Muscular Strength and How to Get Stronger

Fitness girl lifting dumbbell in the morning

In the exercise world, we talk a lot about building strength, but what does that actually mean?

The word strength refers to a muscle's ability to generate force against physical objects. In the fitness world, this typically refers to how much weight you can lift for different strength training exercises

The American Council on Exercise has an excellent definition in their ACE Personal Trainer Manual:

"Muscular strength is the foundation of all physical activities."

Everything we do each day, from getting out of bed to taking a shower and then driving to work requires a certain amount of strength. You may need more to do things like moving boxes or opening a heavy door. Less strength for simple things like brushing your hair or drinking a glass of water.

Whatever you're doing, however, requires strength and it's one area of fitness that's very easy to improve.

Measuring Your Strength

How do we measure strength? That depends on what you're measuring. In the fitness world, measuring strength usually involves figuring out the highest amount of weight you can lift for one rep of one exercise, or what we call a One-Rep Max.

Rather than actually do the One-Rep Max test, which could lead to injury for those of us who aren't bodybuilders or used to lifting very heavy weights, we typically measure strength by calculating a percentage of that one-rep max.

What that means is that you choose a percentage of that one-rep max which translates to a certain number of repetitions. You then find a weight that you can lift for that specific number of reps, the last rep being almost impossible, but still doable with good form.

Percentages of One-Rep Max

You can use this chart to choose the reps you want to perform to estimate your one-rep max:

  • 100% of 1RM: 1 repetition
  • 85% of 1RM: 6 repetitions
  • 75% of 1RM: 10 repetitions
  • 65% of 1RM: 15 repetitions

Choosing Your Weight

It's impossible to know the exact amount of weight you need to complete a certain number of reps unless you're in a laboratory setting.

The best way to approach it is to guess. Not very scientific, but often the easiest method. You simply choose what seems like a reasonable weight for different exercises.

With this approach, it helps to know a few basics about muscle groups and weights. Some tips:

  • The larger the muscle group the heavier the weight - The chest, back and legs include some of the biggest and strongest muscles in the body, so you'll typically use more weight for these muscle groups.
  • Warming up - It's also important for your muscles to be warmed up before picking up a heavier weight. You can do this with cardio or you can do warm up versions of each exercise by choosing a lighter weight.
  • Every day is different - Some days are better than others and some days you just won't lift as much weight. That's no reflection on your strength, but can be due to anything - Being extra fatigued, not getting enough sleep, fighting off an illness or maybe you're tired from previous workouts.

As an example, if you're doing a chest press with dumbbells, you might choose about 12 to 25 pounds for women or upwards of 30 to 40 lbs for men to complete 10 reps with good form, the last rep being the absolute last one you can do.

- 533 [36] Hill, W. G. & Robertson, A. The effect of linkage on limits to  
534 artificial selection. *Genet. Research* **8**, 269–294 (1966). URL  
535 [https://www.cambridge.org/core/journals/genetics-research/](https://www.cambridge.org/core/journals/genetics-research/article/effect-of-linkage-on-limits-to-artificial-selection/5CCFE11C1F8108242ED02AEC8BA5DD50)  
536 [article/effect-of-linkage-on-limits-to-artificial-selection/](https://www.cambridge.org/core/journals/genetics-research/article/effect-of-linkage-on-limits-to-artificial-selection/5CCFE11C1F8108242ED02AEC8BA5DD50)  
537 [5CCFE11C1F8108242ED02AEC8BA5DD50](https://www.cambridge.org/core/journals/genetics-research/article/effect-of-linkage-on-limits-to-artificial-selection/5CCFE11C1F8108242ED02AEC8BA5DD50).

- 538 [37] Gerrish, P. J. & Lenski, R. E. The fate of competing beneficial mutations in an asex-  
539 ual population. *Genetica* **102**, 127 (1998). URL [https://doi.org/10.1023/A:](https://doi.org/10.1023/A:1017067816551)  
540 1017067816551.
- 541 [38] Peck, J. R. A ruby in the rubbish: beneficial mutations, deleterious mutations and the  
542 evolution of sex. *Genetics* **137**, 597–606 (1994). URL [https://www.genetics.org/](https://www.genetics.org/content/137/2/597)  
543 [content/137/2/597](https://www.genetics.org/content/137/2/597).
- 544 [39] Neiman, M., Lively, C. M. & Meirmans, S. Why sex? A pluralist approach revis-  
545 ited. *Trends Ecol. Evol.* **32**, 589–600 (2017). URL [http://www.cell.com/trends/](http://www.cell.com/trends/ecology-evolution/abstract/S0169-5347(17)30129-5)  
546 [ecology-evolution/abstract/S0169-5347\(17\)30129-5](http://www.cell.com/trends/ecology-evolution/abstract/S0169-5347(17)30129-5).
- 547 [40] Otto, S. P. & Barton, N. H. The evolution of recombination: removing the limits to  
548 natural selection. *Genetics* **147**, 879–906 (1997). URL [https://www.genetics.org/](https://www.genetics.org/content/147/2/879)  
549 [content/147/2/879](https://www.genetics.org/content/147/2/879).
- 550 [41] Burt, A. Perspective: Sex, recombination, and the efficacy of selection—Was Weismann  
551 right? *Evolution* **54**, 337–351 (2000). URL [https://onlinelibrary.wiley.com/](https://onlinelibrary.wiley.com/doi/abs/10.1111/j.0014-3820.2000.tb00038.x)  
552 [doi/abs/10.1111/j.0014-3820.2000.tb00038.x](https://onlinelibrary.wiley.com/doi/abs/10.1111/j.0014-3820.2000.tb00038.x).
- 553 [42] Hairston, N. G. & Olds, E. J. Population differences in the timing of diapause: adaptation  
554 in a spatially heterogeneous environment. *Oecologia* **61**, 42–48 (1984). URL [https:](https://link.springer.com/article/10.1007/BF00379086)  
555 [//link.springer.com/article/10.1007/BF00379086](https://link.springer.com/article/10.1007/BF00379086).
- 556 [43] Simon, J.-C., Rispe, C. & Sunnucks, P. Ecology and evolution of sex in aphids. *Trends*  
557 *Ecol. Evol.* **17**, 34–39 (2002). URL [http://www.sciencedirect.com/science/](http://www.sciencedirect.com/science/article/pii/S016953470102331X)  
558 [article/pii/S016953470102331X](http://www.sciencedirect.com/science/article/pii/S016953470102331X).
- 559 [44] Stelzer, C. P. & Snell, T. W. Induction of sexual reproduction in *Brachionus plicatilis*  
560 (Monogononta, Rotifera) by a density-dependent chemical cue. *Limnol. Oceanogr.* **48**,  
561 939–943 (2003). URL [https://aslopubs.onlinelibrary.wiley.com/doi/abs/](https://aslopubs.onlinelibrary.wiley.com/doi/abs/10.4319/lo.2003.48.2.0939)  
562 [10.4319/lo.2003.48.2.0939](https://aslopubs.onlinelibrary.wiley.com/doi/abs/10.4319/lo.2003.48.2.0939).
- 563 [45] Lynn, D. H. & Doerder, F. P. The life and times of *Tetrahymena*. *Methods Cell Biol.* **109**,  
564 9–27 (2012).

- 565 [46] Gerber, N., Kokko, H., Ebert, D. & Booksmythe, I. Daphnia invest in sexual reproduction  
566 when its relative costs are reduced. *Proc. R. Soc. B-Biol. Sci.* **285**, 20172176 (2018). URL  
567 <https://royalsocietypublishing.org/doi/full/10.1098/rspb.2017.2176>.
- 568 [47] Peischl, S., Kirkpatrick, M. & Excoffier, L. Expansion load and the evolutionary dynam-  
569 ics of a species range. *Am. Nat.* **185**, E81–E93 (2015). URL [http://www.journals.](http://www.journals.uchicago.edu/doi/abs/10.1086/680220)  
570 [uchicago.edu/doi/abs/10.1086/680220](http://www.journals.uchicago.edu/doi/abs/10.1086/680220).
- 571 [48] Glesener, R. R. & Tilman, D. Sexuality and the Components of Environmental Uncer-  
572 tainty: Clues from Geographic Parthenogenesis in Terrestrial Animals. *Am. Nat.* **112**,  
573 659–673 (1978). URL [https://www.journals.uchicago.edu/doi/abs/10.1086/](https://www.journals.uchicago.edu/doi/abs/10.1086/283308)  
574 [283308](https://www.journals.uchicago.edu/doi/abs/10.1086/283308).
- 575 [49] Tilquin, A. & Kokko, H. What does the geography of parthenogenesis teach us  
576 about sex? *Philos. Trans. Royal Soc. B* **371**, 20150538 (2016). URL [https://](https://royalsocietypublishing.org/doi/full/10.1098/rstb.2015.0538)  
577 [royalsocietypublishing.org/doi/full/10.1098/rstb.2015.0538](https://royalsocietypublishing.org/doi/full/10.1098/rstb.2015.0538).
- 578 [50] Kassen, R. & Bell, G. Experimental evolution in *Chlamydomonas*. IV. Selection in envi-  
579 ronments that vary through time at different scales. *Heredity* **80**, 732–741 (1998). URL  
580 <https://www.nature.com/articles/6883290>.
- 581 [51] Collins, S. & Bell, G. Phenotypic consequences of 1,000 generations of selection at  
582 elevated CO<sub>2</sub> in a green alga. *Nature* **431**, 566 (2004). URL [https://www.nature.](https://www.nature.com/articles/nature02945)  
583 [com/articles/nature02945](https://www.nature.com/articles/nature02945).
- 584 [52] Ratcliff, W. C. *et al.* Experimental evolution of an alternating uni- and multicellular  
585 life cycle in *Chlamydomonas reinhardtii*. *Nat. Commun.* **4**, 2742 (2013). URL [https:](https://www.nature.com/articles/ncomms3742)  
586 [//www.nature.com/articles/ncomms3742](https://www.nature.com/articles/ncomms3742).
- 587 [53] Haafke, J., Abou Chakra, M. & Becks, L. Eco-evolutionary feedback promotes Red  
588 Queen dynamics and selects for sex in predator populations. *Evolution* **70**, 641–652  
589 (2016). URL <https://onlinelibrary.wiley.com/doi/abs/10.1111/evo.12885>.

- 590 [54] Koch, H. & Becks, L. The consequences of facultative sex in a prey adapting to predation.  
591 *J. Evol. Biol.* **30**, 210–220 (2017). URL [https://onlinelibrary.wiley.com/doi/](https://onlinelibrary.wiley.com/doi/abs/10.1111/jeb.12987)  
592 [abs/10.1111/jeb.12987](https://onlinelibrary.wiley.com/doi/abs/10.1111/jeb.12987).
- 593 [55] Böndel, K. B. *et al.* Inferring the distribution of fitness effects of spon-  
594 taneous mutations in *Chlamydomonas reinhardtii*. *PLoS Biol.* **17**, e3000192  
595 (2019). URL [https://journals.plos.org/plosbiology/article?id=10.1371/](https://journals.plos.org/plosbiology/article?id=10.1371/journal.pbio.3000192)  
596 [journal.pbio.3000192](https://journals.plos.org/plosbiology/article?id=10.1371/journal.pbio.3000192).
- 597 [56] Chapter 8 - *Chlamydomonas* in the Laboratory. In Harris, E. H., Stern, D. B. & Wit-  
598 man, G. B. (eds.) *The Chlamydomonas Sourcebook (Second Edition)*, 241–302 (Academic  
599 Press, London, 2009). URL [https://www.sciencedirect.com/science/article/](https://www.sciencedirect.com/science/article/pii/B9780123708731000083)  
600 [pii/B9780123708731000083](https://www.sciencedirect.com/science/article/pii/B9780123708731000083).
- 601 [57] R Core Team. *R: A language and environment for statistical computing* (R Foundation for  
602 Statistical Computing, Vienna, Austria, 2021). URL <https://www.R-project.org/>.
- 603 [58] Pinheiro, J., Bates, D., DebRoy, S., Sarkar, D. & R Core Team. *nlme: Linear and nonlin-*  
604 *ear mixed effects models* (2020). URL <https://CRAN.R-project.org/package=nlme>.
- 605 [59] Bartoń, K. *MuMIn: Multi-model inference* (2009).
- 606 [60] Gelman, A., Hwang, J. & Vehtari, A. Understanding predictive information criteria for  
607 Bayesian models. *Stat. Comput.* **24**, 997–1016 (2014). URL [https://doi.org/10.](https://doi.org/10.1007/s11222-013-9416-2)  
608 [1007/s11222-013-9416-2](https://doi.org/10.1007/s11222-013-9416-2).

If you can do more than 10 reps, you know you can increase the amount of weight you're using.

You may feel like calculating a percentage of your one-rep max isn't important if you're not trying to build big muscles.

However, even if you're not a bodybuilder, knowing how much weight to lift can make a huge difference in the results you get.

Most of us don't lift as heavy as we could, especially women because we worry about getting bulky.  Don't worry...we don't have the hormones necessary to build huge muscles.

Choosing the right weight means you'll get the absolute most out of your strength training program. Not only building strength but lean muscle tissue, all of which contributes to a fit, lean body.

How to Get Stronger

The key to getting stronger is, of course, to lift heavy weights.  Each time you lift heavy weights, you increase strength, muscle size and connective tissues such as ligaments and tendons.  In other words, every part of you gets stronger, not just your muscles.

If want to build strength, your goal should be about 2-6 sets of up to 6 reps of each exercise with about 2-5 minutes in between each set. That means you want to lift enough weight that you can ONLY do 6 reps and no more.

That's very heavy weight, so if you're new to exercise, you need to work up to that.

For the average exerciser, keeping your reps between 10 and 16 per set is a great way to build and maintain strength and muscle mass in a safe way.

Building Strength to Lift Heavier

If you're a beginner, start with a basic total body workout, working between 8 and 15 reps for each exercise and doing 1-2 sets. You might start with a moderate weight and, as you get used to strength training, start going heavy enough that the last rep feels very challenging.

Work on your form and building a strong foundation in all your muscle groups before going crazy heavy on the weights, which could cause injury and extreme soreness. Work on that for a few weeks and, as you get stronger, you can increase the weights you're using and decrease the reps.

View Article Sources
  • American Council on Exercise. ACE Personal Trainer Manual, 5th Edition. San Diego: American Council on Exercise, 2014. p. 334